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90-day and 10-Year Risks Associated with Hip Replacement

Did you know that two-thirds of all adults who have a total hip replacement also have high blood pressure? And many patients getting a hip replacement have what's called multiple comorbidities -- in other words, lots of other medical problems.

Besides hypertension, heart disease, high levels of cholesterol, and a past bout with cancer head the list of comorbidities. And the list goes on: heart arrhythmias, lung disease, urinary tract infection, diabetes, obesity, anemia, rheumatoid arthritis, depression, dementia, and many more.

According to a recent study, the presence of these risk factors increases the chances of periprosthetic infection (around the implant) and even death. In the first 90-days after surgery, up to one per cent of patients die as a result of complications. A slightly higher percentage (up to two per cent) of patients develops an infection in or around the implant during the first 10 years after surgery.

Surgeons would like to erase those problems but how? This study provides the first step: identify the risks. Then look for a way to reduce or eliminate them. If the surgeon doesn't even know there's a link between some of these comorbidities and infection (or worse yet: death), then he or she won't necessarily be looking out for them as major risk factors.

This study not only identified the risk factors, it also quantified them. To quantify something means to give it a number that helps put the risk into perspective. So for example, patients with rheumatoid arthritis having a hip replacement were 1.7 times more likely to develop a periprosthetic infection. Obesity and blood clots had a similar hazard ratio.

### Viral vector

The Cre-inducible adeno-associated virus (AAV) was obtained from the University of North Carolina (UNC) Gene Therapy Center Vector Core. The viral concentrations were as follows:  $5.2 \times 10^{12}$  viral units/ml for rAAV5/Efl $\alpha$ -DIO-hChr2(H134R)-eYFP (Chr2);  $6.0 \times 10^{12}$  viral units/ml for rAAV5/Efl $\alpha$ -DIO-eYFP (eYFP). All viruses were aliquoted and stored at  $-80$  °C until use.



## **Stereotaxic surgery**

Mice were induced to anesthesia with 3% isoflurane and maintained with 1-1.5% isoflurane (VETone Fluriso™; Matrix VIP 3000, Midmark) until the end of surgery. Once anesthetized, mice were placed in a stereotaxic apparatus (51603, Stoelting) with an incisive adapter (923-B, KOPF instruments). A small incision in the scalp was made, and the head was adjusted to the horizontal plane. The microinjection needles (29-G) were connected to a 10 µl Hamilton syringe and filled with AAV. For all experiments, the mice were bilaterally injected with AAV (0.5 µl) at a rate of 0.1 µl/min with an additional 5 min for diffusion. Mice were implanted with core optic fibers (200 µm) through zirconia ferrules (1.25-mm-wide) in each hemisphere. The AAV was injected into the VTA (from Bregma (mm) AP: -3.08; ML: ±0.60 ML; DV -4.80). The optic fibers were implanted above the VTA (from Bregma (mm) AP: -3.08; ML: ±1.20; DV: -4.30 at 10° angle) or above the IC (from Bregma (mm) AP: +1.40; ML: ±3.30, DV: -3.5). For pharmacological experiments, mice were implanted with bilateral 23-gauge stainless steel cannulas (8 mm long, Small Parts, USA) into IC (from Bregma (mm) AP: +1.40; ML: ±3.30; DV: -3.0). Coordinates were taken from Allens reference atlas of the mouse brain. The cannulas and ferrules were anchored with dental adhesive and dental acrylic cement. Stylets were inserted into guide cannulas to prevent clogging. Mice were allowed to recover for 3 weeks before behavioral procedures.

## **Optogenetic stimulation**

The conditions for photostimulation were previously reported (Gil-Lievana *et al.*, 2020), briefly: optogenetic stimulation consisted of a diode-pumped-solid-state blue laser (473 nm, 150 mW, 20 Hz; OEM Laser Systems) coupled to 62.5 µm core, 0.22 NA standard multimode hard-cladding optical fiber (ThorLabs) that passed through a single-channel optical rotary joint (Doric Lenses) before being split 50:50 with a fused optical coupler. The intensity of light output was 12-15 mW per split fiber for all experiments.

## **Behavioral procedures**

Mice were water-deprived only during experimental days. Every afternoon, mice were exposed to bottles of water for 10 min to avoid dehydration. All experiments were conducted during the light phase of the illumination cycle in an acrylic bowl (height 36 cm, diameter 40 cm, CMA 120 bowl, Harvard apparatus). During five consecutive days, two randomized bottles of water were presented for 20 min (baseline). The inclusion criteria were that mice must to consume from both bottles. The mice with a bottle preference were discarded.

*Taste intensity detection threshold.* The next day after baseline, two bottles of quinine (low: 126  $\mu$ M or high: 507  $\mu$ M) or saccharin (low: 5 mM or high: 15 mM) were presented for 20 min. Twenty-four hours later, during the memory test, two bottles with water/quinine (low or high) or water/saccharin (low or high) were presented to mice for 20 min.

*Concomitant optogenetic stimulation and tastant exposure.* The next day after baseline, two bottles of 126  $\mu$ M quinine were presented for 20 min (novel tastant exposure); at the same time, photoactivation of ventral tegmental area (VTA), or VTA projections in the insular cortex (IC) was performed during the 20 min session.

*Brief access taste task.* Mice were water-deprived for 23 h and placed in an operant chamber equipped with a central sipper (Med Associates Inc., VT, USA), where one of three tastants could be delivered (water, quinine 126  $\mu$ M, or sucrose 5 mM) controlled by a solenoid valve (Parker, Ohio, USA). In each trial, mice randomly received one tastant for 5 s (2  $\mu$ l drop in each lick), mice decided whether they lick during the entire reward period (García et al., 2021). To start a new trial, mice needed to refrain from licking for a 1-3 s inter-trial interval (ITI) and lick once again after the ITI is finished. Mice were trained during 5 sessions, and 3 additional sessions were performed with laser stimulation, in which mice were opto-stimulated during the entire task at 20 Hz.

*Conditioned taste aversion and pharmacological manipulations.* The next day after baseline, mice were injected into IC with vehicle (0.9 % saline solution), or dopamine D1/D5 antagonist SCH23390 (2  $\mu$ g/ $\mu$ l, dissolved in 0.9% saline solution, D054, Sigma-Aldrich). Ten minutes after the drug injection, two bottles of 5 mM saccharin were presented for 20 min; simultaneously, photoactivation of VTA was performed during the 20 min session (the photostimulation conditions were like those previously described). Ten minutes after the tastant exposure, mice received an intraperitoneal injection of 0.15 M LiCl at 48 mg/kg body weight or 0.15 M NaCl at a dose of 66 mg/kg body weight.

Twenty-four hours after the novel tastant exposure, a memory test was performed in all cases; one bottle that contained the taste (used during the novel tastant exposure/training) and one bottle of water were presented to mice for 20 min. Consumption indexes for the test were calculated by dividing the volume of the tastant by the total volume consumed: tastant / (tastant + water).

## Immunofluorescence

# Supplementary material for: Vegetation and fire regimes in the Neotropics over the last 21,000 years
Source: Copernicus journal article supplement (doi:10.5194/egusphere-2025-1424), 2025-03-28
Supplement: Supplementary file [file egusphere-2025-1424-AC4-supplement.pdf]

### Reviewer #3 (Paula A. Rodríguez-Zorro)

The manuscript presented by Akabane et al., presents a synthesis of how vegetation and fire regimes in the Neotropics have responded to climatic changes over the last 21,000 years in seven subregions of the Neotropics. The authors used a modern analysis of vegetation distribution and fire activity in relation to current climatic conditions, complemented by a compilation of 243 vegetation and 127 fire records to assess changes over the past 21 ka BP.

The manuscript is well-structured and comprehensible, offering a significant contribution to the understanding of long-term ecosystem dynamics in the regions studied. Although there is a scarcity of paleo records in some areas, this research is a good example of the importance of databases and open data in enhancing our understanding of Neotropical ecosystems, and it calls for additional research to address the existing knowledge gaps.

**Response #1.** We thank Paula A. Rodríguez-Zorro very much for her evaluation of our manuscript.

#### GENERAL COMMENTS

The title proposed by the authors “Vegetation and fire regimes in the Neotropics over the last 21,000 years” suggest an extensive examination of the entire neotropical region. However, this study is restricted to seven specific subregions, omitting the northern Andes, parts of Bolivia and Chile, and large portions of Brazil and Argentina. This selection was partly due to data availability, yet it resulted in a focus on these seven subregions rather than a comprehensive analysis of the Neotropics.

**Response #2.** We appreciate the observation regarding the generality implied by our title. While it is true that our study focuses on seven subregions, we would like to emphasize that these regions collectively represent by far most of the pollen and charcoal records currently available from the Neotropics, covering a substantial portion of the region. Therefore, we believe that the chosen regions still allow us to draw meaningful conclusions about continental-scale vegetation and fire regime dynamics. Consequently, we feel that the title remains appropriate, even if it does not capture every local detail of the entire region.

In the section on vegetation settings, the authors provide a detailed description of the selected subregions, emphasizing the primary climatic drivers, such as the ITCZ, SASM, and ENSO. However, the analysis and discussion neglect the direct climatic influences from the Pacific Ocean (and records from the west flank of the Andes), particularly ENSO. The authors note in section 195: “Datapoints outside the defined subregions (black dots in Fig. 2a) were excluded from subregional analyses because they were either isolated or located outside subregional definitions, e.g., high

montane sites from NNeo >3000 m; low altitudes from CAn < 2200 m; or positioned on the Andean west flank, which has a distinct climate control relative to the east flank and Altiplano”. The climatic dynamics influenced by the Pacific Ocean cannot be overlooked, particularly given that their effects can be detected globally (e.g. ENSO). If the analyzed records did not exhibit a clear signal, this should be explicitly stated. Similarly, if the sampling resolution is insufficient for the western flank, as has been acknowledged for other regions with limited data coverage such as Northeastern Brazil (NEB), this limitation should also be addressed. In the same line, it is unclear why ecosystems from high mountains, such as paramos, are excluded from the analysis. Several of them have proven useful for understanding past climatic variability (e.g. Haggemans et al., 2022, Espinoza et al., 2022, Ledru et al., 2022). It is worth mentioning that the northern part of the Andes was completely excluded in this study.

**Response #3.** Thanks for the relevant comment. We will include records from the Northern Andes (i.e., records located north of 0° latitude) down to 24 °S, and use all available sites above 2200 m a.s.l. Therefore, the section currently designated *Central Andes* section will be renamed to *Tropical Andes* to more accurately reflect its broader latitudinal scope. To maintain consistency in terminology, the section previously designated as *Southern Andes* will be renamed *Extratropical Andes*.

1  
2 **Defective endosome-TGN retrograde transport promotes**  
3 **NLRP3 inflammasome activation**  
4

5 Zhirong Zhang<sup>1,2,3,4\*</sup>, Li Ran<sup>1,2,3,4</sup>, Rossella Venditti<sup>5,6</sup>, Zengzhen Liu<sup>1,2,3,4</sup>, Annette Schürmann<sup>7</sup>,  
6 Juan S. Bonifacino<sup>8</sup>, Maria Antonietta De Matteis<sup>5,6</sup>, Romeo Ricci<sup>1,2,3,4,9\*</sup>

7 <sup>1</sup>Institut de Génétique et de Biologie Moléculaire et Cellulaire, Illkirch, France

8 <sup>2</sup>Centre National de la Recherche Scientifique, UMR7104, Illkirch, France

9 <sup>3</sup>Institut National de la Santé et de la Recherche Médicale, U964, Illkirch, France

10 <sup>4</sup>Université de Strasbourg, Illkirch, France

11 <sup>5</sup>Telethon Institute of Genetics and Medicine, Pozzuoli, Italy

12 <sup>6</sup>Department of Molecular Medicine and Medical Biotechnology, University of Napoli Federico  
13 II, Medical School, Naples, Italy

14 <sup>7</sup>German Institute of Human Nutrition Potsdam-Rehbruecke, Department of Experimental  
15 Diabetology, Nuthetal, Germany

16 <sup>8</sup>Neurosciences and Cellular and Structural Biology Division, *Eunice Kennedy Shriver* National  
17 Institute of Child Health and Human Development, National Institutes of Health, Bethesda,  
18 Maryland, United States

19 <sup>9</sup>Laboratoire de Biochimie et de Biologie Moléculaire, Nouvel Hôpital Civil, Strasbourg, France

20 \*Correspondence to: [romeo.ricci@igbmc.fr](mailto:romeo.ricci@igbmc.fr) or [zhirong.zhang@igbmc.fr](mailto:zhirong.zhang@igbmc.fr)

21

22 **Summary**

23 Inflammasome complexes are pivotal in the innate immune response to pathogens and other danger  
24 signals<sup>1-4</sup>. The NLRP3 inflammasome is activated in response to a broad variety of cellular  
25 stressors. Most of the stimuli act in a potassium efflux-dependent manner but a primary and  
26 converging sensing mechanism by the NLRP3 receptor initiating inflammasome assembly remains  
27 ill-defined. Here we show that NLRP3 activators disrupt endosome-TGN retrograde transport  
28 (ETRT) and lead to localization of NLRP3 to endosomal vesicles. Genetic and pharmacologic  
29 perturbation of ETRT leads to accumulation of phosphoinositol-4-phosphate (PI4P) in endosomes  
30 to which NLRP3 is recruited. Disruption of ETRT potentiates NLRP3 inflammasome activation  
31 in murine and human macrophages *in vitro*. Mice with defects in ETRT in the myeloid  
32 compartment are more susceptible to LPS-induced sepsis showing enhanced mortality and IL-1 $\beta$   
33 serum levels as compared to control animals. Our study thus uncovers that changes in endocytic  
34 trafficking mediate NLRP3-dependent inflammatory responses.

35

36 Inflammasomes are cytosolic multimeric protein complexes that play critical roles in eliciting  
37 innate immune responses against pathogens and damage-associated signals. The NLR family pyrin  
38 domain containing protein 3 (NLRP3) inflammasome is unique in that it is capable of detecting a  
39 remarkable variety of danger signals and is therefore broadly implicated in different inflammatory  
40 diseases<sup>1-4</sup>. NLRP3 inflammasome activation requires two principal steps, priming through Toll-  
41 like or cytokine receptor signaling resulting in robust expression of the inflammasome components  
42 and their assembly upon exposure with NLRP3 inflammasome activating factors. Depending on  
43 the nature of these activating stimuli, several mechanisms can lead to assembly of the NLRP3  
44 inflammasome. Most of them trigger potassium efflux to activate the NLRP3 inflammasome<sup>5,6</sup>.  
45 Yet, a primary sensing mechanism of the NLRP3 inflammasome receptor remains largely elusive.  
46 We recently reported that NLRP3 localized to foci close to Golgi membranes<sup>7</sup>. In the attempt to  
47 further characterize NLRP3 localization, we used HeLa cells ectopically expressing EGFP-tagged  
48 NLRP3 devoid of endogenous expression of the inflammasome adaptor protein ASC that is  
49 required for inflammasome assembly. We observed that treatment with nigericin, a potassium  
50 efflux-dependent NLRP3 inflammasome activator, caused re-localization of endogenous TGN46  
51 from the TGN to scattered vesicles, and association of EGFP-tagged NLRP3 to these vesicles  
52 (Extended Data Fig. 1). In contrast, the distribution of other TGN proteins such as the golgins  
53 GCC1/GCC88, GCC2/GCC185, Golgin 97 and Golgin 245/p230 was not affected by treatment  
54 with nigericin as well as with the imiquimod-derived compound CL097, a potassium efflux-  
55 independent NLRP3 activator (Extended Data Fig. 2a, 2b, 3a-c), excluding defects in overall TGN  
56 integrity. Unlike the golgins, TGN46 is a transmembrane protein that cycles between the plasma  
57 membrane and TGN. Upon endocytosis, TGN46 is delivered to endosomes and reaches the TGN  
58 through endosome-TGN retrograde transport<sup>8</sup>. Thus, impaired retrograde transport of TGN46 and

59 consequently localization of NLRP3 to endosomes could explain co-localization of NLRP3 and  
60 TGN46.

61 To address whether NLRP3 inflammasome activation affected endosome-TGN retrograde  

Two tables were included in the article. One listed the risk factors for prosthetic joint infection (and their hazard ratios). The other presented hazard ratios for comorbid conditions linked with death in the first 90-days postoperatively. Those hazard ratios ranged from 1.3 for heart arrhythmias up to 1.7 for rheumatologic diseases.

Risk factors studied in association with death in the first three months following hip replacement were as low as 0.62 for high cholesterol levels. That actually places high cholesterol as a condition that decreases the risk of mortality (death). But dementia (2.04), metastatic cancer (3.14), and congestive heart failure (2.11) were much higher. And many patients had more than one health concern. The risk of combined medical conditions on infection and/or mortality was not calculated.

The surgeons involved in this study agree that the numbers of patients who die in the first 90-days or who develop a hip joint infection in the first 10 years are small but important. If you ever become a patient in the one to two per cent who develops these serious problems, it becomes a matter of great importance. Surgeons' attention to these matters is appreciated by all patients undergoing hip replacement.

Reference: Jennie McKee. Quantifying the Risks of THA. In AAOS Now. January 2011. Vol. 5. No. 1. Pp. 9-10.